Spiritually seduced by the Last Shangri-la. Bhutan (Part 4)
On Day 6 we were up before sunrise. Although we were not scheduled to leave until 9:00 am, we deliberately woke up early as we wanted to feast our eyes and soak in the last of the unimaginable beauty that made up the Punakha valley.
We sat ourselves on the sofa in our room, our cups of regular and decaf coffee in hand and stared as the sun began to cast it’s languorous golden glow on the yellow rice fields interspersed with fields of endless and calming green. We could also see the rays dance on the surface of the extraordinarily blue Mo Chu river as it meandered it’s way through the fertile valley. We were not sure how long we sat there, holding hands and watching one of God’s infinite miracles. At some point, I looked over at Laveena and asked if we should get some breakfast as we did have a long drive to Paro and our guide and driver were due to arrive at the hotel at 08:30 am.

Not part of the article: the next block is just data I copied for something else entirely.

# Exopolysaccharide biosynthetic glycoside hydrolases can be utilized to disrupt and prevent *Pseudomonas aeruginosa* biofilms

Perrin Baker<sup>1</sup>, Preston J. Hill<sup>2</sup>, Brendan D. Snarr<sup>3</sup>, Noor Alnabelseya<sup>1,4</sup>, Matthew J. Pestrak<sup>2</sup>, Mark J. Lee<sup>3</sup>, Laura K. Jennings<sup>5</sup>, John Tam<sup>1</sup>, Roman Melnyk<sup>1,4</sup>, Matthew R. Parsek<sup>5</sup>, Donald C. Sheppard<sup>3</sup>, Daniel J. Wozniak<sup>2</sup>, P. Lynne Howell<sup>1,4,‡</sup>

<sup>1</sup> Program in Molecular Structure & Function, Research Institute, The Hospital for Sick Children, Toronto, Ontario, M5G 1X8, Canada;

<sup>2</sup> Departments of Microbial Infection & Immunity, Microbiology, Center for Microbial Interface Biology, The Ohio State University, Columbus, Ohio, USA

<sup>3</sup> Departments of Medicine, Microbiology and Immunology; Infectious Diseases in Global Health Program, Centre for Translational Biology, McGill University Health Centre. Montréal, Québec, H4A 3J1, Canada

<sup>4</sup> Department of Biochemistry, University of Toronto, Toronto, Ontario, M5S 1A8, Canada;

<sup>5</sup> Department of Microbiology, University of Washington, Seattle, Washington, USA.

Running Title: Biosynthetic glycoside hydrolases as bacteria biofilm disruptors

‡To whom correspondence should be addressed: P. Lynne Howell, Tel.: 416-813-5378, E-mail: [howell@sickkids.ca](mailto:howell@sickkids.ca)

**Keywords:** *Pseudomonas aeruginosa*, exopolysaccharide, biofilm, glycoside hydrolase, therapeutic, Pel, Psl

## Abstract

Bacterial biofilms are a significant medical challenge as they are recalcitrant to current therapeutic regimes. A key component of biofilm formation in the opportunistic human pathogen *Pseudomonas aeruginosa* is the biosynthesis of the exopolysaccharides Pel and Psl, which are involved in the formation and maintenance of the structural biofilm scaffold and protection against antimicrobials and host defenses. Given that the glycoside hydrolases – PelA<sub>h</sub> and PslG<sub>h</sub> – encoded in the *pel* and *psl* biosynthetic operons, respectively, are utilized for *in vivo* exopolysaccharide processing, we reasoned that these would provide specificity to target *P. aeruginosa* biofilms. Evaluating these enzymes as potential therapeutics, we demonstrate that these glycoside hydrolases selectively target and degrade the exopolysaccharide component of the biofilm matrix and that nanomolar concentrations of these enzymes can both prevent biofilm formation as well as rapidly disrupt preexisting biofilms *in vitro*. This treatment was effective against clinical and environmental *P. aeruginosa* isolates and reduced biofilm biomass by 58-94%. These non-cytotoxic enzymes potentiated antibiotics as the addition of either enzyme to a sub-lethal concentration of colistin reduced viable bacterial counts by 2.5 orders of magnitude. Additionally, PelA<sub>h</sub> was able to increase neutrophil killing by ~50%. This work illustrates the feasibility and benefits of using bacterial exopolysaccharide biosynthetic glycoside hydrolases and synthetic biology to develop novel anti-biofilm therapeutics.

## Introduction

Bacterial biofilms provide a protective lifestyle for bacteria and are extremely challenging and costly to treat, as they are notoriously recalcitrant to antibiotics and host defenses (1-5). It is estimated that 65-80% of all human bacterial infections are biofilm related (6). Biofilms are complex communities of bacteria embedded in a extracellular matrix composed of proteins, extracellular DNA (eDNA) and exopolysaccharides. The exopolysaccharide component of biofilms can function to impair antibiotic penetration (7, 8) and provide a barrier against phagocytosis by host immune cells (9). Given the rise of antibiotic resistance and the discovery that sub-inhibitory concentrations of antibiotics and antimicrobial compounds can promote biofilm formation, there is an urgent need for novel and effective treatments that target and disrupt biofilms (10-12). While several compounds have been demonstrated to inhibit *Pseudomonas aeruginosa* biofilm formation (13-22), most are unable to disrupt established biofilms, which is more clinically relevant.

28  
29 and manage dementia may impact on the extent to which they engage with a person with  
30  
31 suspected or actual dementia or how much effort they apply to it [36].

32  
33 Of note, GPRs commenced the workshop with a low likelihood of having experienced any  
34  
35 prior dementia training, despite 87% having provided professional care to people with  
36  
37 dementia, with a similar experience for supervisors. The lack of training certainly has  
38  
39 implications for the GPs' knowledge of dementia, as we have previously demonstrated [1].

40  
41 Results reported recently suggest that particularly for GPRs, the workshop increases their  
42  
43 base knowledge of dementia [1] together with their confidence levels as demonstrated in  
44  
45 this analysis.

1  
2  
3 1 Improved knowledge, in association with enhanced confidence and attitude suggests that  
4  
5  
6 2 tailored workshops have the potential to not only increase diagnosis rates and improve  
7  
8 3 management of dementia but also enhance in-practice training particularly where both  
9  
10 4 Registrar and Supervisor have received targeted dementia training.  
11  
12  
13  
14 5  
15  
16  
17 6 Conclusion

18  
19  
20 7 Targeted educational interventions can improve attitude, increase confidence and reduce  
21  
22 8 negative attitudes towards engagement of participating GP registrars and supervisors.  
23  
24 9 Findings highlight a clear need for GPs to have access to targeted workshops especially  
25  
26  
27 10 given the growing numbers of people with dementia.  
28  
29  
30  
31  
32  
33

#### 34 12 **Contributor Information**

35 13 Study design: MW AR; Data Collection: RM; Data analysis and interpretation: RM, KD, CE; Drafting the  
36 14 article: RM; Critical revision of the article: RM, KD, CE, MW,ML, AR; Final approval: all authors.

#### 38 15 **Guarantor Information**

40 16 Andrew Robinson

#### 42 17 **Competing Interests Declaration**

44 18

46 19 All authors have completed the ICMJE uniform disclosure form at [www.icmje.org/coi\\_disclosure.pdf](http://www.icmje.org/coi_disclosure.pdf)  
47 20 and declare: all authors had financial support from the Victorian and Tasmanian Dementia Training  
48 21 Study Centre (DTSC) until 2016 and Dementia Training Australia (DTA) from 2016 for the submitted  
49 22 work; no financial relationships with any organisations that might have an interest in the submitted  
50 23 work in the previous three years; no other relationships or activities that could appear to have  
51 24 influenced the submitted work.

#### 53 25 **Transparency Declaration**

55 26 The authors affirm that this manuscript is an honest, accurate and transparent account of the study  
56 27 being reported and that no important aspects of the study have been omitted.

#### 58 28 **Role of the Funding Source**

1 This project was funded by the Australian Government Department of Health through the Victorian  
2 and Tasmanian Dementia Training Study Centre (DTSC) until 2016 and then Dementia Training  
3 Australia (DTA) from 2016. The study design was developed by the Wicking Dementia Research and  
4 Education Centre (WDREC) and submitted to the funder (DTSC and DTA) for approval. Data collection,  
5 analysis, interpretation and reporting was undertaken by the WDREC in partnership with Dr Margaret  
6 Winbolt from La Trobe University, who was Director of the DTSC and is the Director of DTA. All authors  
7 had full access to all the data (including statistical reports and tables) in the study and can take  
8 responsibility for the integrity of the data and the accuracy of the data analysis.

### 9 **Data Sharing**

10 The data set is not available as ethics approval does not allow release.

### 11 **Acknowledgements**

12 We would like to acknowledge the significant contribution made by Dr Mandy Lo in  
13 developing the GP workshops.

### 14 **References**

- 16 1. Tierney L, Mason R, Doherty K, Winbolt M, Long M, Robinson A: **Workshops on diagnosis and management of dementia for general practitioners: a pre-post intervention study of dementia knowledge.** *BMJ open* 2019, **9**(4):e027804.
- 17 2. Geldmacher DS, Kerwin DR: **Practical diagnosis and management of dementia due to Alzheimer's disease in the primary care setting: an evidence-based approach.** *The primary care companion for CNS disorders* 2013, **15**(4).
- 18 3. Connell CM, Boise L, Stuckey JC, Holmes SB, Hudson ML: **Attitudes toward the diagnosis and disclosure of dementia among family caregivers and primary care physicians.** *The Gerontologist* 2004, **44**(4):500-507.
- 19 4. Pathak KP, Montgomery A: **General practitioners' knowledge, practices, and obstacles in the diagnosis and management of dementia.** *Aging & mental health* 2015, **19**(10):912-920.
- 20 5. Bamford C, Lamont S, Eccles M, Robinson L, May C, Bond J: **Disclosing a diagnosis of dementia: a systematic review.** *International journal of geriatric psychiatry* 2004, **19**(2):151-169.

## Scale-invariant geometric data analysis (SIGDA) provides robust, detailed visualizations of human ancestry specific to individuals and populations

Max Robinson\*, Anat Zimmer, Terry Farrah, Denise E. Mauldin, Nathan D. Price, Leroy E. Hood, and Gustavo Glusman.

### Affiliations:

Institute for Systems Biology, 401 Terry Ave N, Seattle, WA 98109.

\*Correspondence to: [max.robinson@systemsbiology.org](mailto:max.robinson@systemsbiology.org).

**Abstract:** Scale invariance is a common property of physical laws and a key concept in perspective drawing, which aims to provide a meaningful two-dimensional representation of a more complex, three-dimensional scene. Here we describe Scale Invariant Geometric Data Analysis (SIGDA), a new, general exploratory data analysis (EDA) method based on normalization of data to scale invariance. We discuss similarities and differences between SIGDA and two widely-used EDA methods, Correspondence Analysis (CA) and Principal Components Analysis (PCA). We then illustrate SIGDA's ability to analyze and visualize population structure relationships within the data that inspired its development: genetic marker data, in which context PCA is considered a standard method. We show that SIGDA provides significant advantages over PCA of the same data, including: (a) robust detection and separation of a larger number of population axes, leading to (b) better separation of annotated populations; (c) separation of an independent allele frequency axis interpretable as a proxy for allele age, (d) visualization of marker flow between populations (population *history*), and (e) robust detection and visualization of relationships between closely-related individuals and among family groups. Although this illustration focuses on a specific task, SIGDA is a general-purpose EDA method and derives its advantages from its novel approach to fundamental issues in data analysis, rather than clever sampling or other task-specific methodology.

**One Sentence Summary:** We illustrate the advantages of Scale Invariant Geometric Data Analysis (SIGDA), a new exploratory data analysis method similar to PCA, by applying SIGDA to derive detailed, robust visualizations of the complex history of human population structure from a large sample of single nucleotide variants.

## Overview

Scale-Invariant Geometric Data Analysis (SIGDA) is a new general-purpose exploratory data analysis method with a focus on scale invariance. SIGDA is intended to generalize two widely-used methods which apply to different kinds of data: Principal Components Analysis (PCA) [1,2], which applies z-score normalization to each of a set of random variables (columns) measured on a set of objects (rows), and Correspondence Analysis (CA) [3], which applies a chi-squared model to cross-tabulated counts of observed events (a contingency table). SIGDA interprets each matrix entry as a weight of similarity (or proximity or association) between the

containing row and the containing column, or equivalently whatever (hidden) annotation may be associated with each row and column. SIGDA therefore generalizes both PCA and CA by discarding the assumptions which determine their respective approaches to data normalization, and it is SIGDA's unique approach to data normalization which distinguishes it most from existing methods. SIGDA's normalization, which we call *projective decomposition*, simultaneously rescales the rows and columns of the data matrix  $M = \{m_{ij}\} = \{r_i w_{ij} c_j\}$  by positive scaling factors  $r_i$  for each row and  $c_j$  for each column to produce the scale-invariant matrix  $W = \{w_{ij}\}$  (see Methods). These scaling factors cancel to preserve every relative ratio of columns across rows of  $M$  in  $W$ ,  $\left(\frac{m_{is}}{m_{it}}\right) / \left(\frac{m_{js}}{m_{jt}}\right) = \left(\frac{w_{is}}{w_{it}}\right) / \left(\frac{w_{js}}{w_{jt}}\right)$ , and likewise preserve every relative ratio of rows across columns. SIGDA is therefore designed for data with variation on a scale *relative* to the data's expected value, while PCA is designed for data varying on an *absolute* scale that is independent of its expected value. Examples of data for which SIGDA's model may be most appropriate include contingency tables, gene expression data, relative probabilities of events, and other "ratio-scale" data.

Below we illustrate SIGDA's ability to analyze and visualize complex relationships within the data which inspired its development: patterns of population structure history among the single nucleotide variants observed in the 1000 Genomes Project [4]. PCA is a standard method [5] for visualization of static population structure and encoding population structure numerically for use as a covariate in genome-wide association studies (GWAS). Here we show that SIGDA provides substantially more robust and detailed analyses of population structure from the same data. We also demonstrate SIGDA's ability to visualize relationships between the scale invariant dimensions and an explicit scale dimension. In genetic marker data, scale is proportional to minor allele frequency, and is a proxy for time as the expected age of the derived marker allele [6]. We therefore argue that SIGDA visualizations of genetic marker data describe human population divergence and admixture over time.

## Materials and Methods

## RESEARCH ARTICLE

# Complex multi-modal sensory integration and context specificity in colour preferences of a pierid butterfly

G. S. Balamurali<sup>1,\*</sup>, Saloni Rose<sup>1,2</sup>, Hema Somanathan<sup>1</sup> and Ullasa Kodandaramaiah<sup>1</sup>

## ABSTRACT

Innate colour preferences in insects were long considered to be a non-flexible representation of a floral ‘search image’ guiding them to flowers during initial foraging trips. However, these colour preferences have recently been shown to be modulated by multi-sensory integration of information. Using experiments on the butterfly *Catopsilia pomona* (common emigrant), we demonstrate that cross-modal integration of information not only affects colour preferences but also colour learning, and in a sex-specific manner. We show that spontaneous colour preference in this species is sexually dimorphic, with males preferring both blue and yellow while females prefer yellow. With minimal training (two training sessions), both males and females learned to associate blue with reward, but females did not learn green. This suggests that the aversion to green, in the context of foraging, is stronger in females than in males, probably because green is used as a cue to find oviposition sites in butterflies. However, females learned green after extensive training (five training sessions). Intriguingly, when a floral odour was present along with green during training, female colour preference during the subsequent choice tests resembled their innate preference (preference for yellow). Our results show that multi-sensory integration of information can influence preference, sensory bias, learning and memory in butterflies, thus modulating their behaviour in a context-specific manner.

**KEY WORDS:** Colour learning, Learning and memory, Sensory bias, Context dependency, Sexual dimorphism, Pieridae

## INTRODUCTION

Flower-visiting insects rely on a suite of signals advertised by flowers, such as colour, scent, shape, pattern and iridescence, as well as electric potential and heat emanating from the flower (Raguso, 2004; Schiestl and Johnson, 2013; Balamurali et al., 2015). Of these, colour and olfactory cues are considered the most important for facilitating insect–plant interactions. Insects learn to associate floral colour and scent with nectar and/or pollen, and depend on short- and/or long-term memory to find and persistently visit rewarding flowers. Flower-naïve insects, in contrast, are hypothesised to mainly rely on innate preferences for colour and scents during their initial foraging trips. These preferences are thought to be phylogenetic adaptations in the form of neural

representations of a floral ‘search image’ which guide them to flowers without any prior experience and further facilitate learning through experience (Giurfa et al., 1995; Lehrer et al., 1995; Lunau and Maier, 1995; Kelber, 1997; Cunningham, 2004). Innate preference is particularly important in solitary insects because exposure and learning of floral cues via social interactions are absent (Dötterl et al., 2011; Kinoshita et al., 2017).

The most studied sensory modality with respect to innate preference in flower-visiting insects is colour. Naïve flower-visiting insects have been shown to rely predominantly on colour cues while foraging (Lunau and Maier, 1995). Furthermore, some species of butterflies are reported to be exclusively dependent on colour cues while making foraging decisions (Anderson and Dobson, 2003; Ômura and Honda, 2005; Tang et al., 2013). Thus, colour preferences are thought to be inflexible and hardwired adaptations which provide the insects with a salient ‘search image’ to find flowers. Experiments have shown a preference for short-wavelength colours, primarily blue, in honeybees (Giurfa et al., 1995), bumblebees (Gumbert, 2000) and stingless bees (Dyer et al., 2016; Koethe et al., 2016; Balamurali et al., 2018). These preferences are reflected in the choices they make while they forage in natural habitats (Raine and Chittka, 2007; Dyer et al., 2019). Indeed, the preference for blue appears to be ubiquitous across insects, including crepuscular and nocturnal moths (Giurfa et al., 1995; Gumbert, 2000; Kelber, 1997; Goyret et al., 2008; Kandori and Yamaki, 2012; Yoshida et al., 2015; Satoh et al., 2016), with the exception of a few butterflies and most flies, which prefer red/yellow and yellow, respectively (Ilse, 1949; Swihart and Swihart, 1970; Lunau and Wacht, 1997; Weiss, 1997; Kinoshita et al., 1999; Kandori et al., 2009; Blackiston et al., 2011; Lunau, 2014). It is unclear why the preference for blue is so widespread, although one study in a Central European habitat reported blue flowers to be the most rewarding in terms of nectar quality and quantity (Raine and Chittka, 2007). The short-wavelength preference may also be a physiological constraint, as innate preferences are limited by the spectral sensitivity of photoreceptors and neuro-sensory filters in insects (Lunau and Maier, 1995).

Soon we were on the road to Paro. Before we arrived at our hotel, the Uma Paro, we had a brief stop at the Kyichu Lhakhang, an important Himalayan Buddhist temple situated in Lamgong Gewog of Paro District. It is one of the oldest temples, built in the 7th century by the Tibetan King Songsten Gampo. According to legend, a giant demoness lay across the Himalayas, preventing the spread of Buddhism. In order to battle the demoness, King Songsten Gampo, built 108 temples in a single day and pinned the ogress to the earth forever. We also stopped to see the Rinpung Dzong. Built in 1645, this Dzong served as a bastion against invasions from the north. What strikes you about the intricate architecture is the way the wooden beams are held in place without nails. The Dzong, built by Shandrung Nawang Namgyal, is considered to be one of the finest in Bhutanese architecture. Right by the Rinpung Dzong is the Paro Ta Dzong. Built in 1951, the Dzong is round and resembles a European watch tower. It is now a national museum and displays an admirable collection of religious artefacts and ancient Buddhist relics.